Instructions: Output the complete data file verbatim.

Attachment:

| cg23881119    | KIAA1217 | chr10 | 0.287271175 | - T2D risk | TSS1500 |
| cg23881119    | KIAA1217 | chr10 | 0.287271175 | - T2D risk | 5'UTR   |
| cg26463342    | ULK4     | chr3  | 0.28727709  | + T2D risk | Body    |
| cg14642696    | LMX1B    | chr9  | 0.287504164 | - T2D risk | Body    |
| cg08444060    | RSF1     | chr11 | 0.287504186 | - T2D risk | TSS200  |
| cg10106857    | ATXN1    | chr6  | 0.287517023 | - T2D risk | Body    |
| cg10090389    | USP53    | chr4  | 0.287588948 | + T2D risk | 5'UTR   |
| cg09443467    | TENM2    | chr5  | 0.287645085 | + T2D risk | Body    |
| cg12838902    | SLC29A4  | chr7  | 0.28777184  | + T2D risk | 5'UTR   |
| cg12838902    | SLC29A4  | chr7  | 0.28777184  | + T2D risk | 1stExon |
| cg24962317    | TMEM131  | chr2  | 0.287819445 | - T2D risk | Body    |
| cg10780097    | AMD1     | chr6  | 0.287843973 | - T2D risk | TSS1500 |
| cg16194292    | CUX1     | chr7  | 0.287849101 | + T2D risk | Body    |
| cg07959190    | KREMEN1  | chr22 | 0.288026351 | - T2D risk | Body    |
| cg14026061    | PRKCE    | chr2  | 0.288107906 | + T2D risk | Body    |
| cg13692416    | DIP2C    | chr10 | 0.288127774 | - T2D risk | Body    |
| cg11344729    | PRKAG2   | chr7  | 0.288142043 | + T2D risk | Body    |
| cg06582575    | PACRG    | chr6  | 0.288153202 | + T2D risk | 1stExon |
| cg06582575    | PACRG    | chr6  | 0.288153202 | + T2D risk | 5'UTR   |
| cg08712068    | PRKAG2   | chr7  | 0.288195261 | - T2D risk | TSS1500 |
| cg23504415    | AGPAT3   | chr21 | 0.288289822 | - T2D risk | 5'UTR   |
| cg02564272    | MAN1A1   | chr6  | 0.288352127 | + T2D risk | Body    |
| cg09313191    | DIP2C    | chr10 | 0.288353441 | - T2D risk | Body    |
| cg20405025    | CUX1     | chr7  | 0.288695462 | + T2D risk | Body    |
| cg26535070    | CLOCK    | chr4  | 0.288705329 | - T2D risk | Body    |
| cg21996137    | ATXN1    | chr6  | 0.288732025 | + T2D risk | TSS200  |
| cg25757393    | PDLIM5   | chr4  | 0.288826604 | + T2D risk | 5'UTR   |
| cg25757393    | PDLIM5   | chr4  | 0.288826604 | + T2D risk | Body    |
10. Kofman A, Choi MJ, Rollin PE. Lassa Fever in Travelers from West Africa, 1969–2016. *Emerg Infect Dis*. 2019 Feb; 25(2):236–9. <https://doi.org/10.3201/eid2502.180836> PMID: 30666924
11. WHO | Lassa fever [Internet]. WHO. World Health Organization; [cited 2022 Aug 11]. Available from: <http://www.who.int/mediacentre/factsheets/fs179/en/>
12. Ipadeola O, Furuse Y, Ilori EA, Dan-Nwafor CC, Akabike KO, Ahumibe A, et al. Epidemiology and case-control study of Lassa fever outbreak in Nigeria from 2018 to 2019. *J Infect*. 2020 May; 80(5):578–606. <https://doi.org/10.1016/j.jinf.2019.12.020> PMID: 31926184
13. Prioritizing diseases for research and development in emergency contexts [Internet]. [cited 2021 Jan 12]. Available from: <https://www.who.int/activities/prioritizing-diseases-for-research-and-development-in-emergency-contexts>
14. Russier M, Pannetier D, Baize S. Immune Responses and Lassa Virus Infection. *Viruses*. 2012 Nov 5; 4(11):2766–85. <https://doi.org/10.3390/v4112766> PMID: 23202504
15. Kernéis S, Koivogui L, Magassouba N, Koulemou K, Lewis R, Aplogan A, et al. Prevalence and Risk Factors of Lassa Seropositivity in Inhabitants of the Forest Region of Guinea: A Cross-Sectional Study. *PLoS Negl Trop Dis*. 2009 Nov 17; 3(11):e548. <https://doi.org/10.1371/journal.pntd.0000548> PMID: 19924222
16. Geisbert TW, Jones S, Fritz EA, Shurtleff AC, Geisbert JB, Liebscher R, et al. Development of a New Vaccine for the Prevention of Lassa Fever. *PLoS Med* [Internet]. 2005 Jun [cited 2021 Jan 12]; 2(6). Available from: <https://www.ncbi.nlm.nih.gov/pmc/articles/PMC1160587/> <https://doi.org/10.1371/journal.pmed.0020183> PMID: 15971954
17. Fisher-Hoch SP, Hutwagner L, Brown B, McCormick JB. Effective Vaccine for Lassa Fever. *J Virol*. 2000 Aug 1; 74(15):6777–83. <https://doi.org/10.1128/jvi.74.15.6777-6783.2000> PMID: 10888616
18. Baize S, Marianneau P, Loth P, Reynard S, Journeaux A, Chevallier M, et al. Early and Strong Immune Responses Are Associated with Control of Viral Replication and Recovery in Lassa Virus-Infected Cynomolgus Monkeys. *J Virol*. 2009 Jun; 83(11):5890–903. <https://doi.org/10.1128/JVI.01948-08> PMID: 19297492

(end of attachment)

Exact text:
| cg23881119    | KIAA1217 | chr10 | 0.287271175 | - T2D risk | TSS1500 |
| cg23881119    | KIAA1217 | chr10 | 0.287271175 | - T2D risk | 5'UTR   |
| cg26463342    | ULK4     | chr3  | 0.28727709  | + T2D risk | Body    |
| cg14642696    | LMX1B    | chr9  | 0.287504164 | - T2D risk | Body    |
| cg08444060    | RSF1     | chr11 | 0.287504186 | - T2D risk | TSS200  |
| cg10106857    | ATXN1    | chr6  | 0.287517023 | - T2D risk | Body    |
| cg10090389    | USP53    | chr4  | 0.287588948 | + T2D risk | 5'UTR   |
| cg09443467    | TENM2    | chr5  | 0.287645085 | + T2D risk | Body    |
| cg12838902    | SLC29A4  | chr7  | 0.28777184  | + T2D risk | 5'UTR   |
| cg12838902    | SLC29A4  | chr7  | 0.28777184  | + T2D risk | 1stExon |
| cg24962317    | TMEM131  | chr2  | 0.287819445 | - T2D risk | Body    |
| cg10780097    | AMD1     | chr6  | 0.287843973 | - T2D risk | TSS1500 |
| cg16194292    | CUX1     | chr7  | 0.287849101 | + T2D risk | Body    |
| cg07959190    | KREMEN1  | chr22 | 0.288026351 | - T2D risk | Body    |
| cg14026061    | PRKCE    | chr2  | 0.288107906 | + T2D risk | Body    |
| cg13692416    | DIP2C    | chr10 | 0.288127774 | - T2D risk | Body    |
| cg11344729    | PRKAG2   | chr7  | 0.288142043 | + T2D risk | Body    |
| cg06582575    | PACRG    | chr6  | 0.288153202 | + T2D risk | 1stExon |
| cg06582575    | PACRG    | chr6  | 0.288153202 | + T2D risk | 5'UTR   |
| cg08712068    | PRKAG2   | chr7  | 0.288195261 | - T2D risk | TSS1500 |
| cg23504415    | AGPAT3   | chr21 | 0.288289822 | - T2D risk | 5'UTR   |
| cg02564272    | MAN1A1   | chr6  | 0.288352127 | + T2D risk | Body    |
| cg09313191    | DIP2C    | chr10 | 0.288353441 | - T2D risk | Body    |
| cg20405025    | CUX1     | chr7  | 0.288695462 | + T2D risk | Body    |
| cg26535070    | CLOCK    | chr4  | 0.288705329 | - T2D risk | Body    |
| cg21996137    | ATXN1    | chr6  | 0.288732025 | + T2D risk | TSS200  |
| cg25757393    | PDLIM5   | chr4  | 0.288826604 | + T2D risk | 5'UTR   |
| cg25757393    | PDLIM5   | chr4  | 0.288826604 | + T2D risk | Body    |
10. Kofman A, Choi MJ, Rollin PE. Lassa Fever in Travelers from West Africa, 1969–2016. *Emerg Infect Dis*. 2019 Feb; 25(2):236–9. <https://doi.org/10.3201/eid2502.180836> PMID: 30666924
11. WHO | Lassa fever [Internet]. WHO. World Health Organization; [cited 2022 Aug 11]. Available from: <http://www.who.int/mediacentre/factsheets/fs179/en/>
12. Ipadeola O, Furuse Y, Ilori EA, Dan-Nwafor CC, Akabike KO, Ahumibe A, et al. Epidemiology and case-control study of Lassa fever outbreak in Nigeria from 2018 to 2019. *J Infect*. 2020 May; 80(5):578–606. <https://doi.org/10.1016/j.jinf.2019.12.020> PMID: 31926184
13. Prioritizing diseases for research and development in emergency contexts [Internet]. [cited 2021 Jan 12]. Available from: <https://www.who.int/activities/prioritizing-diseases-for-research-and-development-in-emergency-contexts>
14. Russier M, Pannetier D, Baize S. Immune Responses and Lassa Virus Infection. *Viruses*. 2012 Nov 5; 4(11):2766–85. <https://doi.org/10.3390/v4112766> PMID: 23202504
15. Kernéis S, Koivogui L, Magassouba N, Koulemou K, Lewis R, Aplogan A, et al. Prevalence and Risk Factors of Lassa Seropositivity in Inhabitants of the Forest Region of Guinea: A Cross-Sectional Study. *PLoS Negl Trop Dis*. 2009 Nov 17; 3(11):e548. <https://doi.org/10.1371/journal.pntd.0000548> PMID: 19924222
16. Geisbert TW, Jones S, Fritz EA, Shurtleff AC, Geisbert JB, Liebscher R, et al. Development of a New Vaccine for the Prevention of Lassa Fever. *PLoS Med* [Internet]. 2005 Jun [cited 2021 Jan 12]; 2(6). Available from: <https://www.ncbi.nlm.nih.gov/pmc/articles/PMC1160587/> <https://doi.org/10.1371/journal.pmed.0020183> PMID: 15971954
17. Fisher-Hoch SP, Hutwagner L, Brown B, McCormick JB. Effective Vaccine for Lassa Fever. *J Virol*. 2000 Aug 1; 74(15):6777–83. <https://doi.org/10.1128/jvi.74.15.6777-6783.2000> PMID: 10888616
18. Baize S, Marianneau P, Loth P, Reynard S, Journeaux A, Chevallier M, et al. Early and Strong Immune Responses Are Associated with Control of Viral Replication and Recovery in Lassa Virus-Infected Cynomolgus Monkeys. *J Virol*. 2009 Jun; 83(11):5890–903. <https://doi.org/10.1128/JVI.01948-08> PMID: 19297492